Fighting Words

 

It’s time to tone down the language a bit. No, I’m not suggesting everyone’s got to keep their daily discourse airplane-friendly by filtering out expletives. I’ve been known to use a colorful metaphor or three from time to time (just ask anyone who works with me). What I’m proposing is that we take the inter-category smack-talk down a notch.

Last month at the National Beer Wholesalers Association’s 75th annual convention in San Diego, the usual hand-wringing over wine and spirits grabbing more and more of beer’s alcohol market share took place, but it seems like the verbiage being used in such discussions has been amped up quite a bit (and I’ve gone to every one of these conventions in the past decade, so I’ve got a pretty good personal history to draw upon). 

It was one of many topics of conversation on the panel of beer executives including Bill Hackett of Crown Imports, Luiz Edmond of Anheuser-Busch, Tom Long of MillerCoors, Dolf van den Brink of Heineken USA and, from the craft realm, Sam Calagione of Dogfish Head. 

During the course of the panel, I heard terms like “threats” and “adversaries,” being used to describe the wine and spirits categories. Pledges to “kick” wine and spirits’ “rear”—and less euphemistic terms—were hurled around. 

I get it, it’s a very competitive market place and competition is what makes the beverage and any other market great. But what’s being lost in all of the posturing and machismo is that fact that consumers, by and large really don’t care. There are actually very few drinkers of alcohol beverages that only drink from one category. Most are cross drinkers. I myself am a cross drinker. I’ve made no secret of my partisanship toward craft beer, but I do enjoy drinking a good glass of Cabernet, a single malt Scotch or a straight bourbon pretty frequently. I’ve taken personal trips to beer-centric areas like Belgium and Asheville, N.C. But I’ve also spent multiple vacation days in Napa. And I recently figured out how to make a pretty good mint julep (if I do say so myself), which has found a spot on my growing list of go-to drinks.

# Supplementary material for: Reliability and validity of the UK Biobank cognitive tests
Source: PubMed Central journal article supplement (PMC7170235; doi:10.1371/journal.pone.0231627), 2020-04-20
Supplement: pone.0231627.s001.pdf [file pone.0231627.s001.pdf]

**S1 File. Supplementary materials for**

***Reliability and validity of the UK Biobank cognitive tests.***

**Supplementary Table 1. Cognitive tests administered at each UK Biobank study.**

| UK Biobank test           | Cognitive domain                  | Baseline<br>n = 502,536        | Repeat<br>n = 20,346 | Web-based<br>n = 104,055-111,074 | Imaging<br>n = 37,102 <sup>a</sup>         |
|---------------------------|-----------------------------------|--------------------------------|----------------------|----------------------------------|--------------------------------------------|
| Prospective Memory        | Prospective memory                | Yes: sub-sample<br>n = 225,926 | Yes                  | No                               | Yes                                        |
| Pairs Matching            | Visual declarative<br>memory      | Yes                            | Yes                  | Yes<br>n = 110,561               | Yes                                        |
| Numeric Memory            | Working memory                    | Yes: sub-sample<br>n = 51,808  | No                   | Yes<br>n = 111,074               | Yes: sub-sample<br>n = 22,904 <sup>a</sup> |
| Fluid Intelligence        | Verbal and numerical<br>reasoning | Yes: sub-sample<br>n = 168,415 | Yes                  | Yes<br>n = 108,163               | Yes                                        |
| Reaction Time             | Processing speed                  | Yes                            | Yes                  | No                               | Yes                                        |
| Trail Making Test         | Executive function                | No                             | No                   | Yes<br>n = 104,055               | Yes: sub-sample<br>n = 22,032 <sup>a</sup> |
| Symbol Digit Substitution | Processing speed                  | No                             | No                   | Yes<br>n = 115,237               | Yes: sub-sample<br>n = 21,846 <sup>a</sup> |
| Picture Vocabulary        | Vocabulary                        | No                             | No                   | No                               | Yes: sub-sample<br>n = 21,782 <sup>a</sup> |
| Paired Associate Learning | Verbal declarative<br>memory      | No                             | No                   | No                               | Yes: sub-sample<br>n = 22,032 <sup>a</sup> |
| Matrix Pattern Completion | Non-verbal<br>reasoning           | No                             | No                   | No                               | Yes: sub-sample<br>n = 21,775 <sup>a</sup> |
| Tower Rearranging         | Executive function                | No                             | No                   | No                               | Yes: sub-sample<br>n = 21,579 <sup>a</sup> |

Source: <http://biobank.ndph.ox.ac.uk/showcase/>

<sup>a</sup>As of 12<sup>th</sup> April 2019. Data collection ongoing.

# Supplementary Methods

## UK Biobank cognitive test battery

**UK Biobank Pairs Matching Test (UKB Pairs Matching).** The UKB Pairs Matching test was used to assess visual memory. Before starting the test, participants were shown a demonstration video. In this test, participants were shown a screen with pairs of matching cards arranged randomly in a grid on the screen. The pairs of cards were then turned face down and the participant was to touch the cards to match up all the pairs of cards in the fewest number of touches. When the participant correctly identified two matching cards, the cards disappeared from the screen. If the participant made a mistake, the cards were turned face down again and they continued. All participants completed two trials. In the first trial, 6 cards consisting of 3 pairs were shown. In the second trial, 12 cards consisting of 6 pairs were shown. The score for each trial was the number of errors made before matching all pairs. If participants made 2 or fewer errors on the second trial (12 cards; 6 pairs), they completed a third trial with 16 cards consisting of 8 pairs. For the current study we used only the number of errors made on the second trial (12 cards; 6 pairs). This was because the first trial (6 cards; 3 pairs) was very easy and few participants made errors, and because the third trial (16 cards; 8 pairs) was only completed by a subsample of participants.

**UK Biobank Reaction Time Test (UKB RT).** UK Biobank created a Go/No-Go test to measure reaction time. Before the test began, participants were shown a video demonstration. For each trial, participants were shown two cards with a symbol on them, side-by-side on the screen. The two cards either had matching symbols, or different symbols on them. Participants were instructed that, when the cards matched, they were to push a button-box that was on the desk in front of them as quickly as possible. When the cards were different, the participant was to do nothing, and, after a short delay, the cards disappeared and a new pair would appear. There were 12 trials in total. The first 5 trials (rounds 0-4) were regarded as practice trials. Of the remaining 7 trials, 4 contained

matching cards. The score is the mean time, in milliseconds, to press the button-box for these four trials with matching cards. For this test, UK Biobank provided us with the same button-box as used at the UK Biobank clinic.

The cross-category lines have blurred in distribution as well. Beer distributors increasingly have taken on products beyond their core segment, including wine and spirits. Look at a major wine and spirits distributor like Wirtz, which does some pretty healthy beer volume. 

In my cover story on the craft distilling movement, I talk to Rick Steckler of Click Wholesale, which has made a name for itself distributing beer and wine. With the privatization of spirits sales in the state of Washington, the company saw an opportunity to use its existing distribution infrastructure to excel in the spirits segment as well. 

I hardly think companies like Click or Wirtz are pitting one segment against another with such hostile rhetoric.

The mission of the Beer Institute has been to build “Brand Beer”—as well it should be because that’s within the organization’s purview. However, as an editor of a magazine that serves all drinks categories and as a consumer who drinks a little bit of everything I’m becoming an advocate for something more radical: Brand Beverage.  

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